Gallic acid seems to have anti-fungal and anti-viral properties. Gallic acid acts as a antioxidant and helps to protect our cells against oxidative damage. Gallic acid was found to show cytotoxicity against cancer cells, without harming healthy cells. Gallic acid is used as a remote astringent in cases of internal haemorrhage. Gallic acid is also used to treat albuminuria and diabetes. Some ointment to treat psoriasis and external haemorrhoids contain gallic acid.

Gallic acid is found in almost all plants. Plants known for their high gallic acid content include gallnuts, grapes, tea, hops and oak bark. Gallic acid does not combine with protein and has therefore no astringent taste.

About Quercetin

Quercetin is the most abundant of the flavonoids. Quercetin belongs to the flavonoids family and consist of 3 rings and 5 hydroxyl groups. Quercetin is also a building block for other flavonoids. Quercetin occurs in food as a aglycone (attached to a sugar molecule).

Quercetin is a plant-derived flavonoid, specifically a flavonol, used as a nutritional supplement. Laboratory studies show it may have anti-inflammatory and antioxidant properties and it is being investigated for a wide range of potential health benefits.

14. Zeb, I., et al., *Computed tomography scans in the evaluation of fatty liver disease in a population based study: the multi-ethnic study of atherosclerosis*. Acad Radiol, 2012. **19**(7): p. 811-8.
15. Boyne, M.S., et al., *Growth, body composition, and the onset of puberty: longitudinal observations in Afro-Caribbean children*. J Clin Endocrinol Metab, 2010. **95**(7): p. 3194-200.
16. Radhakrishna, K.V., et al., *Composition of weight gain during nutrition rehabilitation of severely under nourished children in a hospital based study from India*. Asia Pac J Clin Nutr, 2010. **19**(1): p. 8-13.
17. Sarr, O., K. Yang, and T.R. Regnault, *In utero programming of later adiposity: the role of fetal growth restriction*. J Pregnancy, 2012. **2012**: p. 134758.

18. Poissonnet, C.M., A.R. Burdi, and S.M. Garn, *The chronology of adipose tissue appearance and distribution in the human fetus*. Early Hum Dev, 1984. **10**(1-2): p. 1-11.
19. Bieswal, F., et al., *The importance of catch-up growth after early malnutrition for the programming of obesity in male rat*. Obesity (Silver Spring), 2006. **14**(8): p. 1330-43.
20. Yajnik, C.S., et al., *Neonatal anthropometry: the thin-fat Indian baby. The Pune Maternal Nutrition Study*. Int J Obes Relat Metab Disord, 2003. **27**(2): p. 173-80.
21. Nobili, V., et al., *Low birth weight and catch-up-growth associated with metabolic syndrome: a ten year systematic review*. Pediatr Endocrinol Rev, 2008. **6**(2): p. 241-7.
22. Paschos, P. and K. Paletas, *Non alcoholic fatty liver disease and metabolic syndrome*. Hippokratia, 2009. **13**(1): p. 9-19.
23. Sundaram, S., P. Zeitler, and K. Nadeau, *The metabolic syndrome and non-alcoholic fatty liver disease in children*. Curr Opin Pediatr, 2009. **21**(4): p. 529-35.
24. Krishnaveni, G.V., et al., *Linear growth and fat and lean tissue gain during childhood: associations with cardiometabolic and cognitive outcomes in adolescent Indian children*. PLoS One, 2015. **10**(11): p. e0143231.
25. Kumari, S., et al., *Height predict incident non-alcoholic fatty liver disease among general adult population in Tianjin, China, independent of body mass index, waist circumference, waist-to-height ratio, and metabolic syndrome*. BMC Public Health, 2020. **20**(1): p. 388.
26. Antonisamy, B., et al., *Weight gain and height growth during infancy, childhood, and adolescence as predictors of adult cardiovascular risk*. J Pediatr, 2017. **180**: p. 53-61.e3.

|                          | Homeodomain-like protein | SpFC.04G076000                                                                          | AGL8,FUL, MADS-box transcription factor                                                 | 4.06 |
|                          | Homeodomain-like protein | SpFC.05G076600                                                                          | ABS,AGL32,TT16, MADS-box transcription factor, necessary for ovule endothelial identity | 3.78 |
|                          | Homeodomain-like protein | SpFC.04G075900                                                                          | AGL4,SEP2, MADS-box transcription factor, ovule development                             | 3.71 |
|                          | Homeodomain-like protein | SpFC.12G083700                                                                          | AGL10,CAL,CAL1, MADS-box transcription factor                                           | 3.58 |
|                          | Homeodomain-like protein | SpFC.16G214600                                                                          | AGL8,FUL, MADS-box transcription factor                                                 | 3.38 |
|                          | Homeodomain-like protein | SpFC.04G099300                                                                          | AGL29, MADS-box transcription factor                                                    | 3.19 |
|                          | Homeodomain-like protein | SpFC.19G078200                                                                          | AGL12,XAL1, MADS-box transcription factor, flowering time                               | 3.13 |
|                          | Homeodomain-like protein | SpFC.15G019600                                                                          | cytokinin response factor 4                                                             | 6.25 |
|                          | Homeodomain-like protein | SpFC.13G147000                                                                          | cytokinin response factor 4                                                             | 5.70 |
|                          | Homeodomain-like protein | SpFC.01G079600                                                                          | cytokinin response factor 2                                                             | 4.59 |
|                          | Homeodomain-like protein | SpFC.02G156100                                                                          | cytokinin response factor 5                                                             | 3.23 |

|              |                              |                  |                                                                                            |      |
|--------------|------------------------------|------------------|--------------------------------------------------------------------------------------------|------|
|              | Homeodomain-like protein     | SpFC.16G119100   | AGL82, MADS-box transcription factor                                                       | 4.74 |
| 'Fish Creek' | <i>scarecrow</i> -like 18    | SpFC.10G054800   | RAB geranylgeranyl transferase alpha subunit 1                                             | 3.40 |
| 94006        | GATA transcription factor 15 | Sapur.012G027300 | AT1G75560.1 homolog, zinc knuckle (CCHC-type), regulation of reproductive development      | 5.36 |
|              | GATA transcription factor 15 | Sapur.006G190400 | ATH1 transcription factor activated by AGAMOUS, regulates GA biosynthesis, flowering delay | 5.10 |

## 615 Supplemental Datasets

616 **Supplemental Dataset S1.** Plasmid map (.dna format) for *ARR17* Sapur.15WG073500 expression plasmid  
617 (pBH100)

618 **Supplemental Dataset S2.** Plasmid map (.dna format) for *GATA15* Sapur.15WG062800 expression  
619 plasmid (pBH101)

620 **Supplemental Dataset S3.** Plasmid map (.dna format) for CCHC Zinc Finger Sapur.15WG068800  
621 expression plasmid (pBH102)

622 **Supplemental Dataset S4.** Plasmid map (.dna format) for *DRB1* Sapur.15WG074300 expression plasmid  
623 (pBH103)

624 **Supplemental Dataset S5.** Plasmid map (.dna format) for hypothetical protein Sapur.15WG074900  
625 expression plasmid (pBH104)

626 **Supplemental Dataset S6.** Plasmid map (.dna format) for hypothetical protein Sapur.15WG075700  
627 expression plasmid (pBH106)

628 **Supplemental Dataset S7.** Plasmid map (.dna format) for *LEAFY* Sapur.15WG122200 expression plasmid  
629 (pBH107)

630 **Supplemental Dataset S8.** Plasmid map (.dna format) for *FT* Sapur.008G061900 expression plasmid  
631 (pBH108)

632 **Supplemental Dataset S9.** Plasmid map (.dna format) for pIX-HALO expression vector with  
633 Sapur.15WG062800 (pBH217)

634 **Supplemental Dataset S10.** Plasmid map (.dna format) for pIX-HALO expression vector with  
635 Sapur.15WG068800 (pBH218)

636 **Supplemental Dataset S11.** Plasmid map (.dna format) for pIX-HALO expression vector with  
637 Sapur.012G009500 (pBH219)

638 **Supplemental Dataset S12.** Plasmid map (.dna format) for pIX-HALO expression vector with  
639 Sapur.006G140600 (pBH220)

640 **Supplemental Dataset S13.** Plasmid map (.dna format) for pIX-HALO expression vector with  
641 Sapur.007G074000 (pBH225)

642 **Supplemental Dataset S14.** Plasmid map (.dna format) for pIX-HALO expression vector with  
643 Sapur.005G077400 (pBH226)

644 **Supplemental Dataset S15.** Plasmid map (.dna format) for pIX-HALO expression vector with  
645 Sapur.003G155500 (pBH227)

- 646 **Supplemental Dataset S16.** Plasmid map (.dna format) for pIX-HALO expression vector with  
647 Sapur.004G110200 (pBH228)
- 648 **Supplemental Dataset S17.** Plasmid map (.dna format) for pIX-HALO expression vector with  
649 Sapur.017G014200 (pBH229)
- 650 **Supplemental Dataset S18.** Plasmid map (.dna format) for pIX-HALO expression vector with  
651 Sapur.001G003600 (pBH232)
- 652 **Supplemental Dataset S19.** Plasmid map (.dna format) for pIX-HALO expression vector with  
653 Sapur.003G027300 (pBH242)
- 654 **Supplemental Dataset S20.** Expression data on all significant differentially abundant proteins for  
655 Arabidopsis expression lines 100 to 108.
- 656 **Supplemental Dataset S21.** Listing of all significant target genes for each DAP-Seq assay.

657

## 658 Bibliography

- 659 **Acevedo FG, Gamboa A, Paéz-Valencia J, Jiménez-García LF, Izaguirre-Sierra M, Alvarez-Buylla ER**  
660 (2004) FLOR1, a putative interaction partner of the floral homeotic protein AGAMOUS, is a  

Quercetin has been shown to increase energy expenditure in rats, but only for short periods (fewer than 8 weeks). Effects of quercetin on exercise tolerance in mice have been associated with increased mitochondrial biogenesis.

The American Cancer Society says that while quercetin "has been promoted as being effective against a wide variety of diseases, including cancer," and "some early lab results appear promising, as of yet there is no reliable clinical evidence that quercetin can prevent or treat cancer in humans." In the amounts consumed in a healthy diet, quercetin "is unlikely to cause any major problems or benefits."

High dietary intake of fruits and vegetables is associated with reduction in cancer, and some scientists suspect quercetin may be partly responsible. Research shows that quercetin influences cellular mechanisms in vitro and in animal studies, and there is some evidence from human population studies that quercetin may, in a very limited fashion, reduce the risk of certain cancers. [44]